Ralph's Resurrection?: Former Christian Coalition Honcho Reed Seeks To Rise From The Crypt

Ralph Reed is returning to what he knows best: running a Religious Right group.

Last month I wrote a story for Church & State speculating about possible new leaders for the Religious Right. I focused on Mike Huckabee, Newt Gingrich, Rick Warren and others.

One person I did not think to include was Ralph Reed, the one-time wunderkind who served as executive director of Pat Robertson's Christian Coalition from 1989 to 1997.

I didn't include Reed because, well, I figured he's all washed up. Reed ran for lieutenant governor of Georgia in 2006, a position he was supposed to win easily. That slot, in turn, would be his stepping stone to higher office.

It didn't work out that way. Reed's ties to disgraced casino lobbyist Jack Abramoff became an issue during the campaign. Enmeshed in that scandal, Reed lost the race to a relative unknown.

After that, Reed tried his hand at writing a political thriller titled Dark Horse. But Reed's career as a novelist also fell flat. The book tanked. (You can buy hardback copies on www.half.com, my favorite site for used books, for 75 cents.) Reed did some evangelical outreach work for George W. Bush, Mitt Romney and John McCain during their presidential campaigns but has otherwise kept a low profile.

So Reed is returning to what he knows best: running a Religious Right group. U.S. News blogger Dan Gilgoff has the scoop. Reed has formed a new organization he calls the Faith and Freedom Coalition.

"This is not your daddy's Christian Coalition," Reed boasted in an interview with Gilgoff. "It's got to be more brown, more black, more female, and younger. It's critical that we open the door wide and let them know if they share our values and believe in the principles of faith and marriage and family, they're welcome."

Oh, please! We've been down this road before.

I was at the National Press Club in Washington on Jan. 30, 1997, when Reed announced the "Samaritan Project," an effort by the Christian Coalition to reach out to blacks, Hispanics and even Democrats to combat poverty through "faith-based" efforts.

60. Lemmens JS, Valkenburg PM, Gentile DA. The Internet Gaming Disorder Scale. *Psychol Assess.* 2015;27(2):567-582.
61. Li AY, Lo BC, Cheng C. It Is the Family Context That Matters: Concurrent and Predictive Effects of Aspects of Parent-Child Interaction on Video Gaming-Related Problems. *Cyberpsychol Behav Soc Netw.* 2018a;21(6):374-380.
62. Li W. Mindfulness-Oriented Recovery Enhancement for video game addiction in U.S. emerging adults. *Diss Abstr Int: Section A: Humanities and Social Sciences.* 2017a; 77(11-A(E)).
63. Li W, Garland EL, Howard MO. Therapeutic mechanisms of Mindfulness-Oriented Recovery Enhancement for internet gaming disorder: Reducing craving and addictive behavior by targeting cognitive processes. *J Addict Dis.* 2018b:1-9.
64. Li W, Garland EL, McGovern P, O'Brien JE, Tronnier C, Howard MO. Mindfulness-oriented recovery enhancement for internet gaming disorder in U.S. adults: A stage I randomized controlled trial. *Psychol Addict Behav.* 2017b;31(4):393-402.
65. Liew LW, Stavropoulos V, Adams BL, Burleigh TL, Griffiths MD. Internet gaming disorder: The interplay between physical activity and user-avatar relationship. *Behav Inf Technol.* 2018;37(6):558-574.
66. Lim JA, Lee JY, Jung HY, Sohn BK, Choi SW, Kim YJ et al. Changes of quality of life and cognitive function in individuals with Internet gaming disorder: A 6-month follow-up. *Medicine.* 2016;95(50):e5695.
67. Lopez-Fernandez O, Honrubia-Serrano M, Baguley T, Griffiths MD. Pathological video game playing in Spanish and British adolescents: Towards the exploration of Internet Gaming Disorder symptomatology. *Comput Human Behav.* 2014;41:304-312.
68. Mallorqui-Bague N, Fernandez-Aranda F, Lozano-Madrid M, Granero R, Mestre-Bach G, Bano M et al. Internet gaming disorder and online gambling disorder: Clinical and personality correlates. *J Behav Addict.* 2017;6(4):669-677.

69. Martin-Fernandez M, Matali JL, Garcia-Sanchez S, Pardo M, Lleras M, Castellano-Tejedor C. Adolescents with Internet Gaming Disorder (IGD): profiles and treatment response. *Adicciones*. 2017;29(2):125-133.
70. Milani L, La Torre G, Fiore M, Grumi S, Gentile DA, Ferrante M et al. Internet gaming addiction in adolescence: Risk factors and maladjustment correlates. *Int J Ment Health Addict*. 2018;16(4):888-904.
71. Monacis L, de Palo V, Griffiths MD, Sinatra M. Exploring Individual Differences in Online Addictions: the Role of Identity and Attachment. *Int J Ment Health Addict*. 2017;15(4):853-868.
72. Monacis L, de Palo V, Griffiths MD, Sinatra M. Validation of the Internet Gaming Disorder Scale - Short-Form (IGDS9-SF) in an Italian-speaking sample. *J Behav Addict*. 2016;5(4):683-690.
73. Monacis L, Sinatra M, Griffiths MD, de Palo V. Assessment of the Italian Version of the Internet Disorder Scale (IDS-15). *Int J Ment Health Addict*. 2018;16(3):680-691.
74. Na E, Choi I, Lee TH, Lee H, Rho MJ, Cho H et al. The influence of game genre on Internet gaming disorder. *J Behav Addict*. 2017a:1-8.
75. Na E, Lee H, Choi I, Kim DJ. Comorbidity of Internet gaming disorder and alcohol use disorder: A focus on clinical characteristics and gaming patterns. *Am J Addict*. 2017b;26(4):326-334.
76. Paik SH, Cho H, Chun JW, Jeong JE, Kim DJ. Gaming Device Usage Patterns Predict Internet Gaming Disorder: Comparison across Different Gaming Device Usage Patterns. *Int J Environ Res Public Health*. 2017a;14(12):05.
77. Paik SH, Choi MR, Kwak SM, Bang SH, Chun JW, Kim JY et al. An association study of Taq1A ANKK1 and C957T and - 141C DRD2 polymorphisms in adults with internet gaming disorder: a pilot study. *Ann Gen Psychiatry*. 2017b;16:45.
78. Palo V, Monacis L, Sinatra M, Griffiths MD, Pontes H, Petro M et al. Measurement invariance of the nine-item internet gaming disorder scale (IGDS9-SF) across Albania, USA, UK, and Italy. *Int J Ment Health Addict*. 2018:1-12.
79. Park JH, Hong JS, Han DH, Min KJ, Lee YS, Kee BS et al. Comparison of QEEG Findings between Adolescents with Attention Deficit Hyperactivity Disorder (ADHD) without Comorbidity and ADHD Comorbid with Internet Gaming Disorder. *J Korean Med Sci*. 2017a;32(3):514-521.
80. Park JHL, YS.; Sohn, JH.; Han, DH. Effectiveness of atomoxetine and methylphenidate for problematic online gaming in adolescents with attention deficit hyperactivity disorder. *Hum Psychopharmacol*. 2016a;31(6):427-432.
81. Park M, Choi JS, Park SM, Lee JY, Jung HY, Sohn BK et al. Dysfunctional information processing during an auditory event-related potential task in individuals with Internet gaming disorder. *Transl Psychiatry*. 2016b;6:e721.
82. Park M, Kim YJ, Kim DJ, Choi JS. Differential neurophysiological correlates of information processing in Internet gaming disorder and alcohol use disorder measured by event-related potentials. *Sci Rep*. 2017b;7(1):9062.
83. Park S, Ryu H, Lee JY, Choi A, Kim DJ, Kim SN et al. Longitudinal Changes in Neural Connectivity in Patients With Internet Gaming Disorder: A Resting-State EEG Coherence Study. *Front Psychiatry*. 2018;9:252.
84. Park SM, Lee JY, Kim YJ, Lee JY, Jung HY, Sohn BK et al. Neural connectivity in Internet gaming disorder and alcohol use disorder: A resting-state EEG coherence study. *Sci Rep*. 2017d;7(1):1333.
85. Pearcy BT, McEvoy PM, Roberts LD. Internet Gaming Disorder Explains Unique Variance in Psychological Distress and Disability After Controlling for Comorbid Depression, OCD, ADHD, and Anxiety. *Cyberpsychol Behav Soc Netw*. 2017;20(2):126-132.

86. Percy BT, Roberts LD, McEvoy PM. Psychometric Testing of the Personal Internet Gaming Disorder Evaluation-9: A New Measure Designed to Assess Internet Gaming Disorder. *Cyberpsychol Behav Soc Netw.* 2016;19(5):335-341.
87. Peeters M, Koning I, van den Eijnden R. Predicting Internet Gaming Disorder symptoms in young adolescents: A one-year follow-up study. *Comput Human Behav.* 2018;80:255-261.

I was more than a little cynical, knowing that the Coalition had no track record on helping the poor. In fact, opposing legal abortion, bashing gays and beating on public schools constituted the bulk of the group's work.

Despite all of the hype, the Samaritan Project turned out to be nothing more than an effort to recruit minorities into the Republican Party. (Wow, what a surprise!) It made no progress on this front and was quickly abandoned, and Reed left the Coalition to start a political consulting firm nine months later. So much for helping the poor.

I could go on and on about the sleazy stunts Reed has pulled over the years, but I suspect that's more than even most readers of this blog would want. While it's always possible that Reed could emerge as a viable Religious Right leader, I don't think it's going to work this time. He's lugging around an awful lot of baggage.

The Faith and Freedom Coalition may provide Reed with a paycheck for a few years, but I doubt it will achieve much more. If I'm right, we'll all have cause to be thankful. The last thing this country needs is another meddlesome and extreme Religious Right group trying to tell us how to run our lives.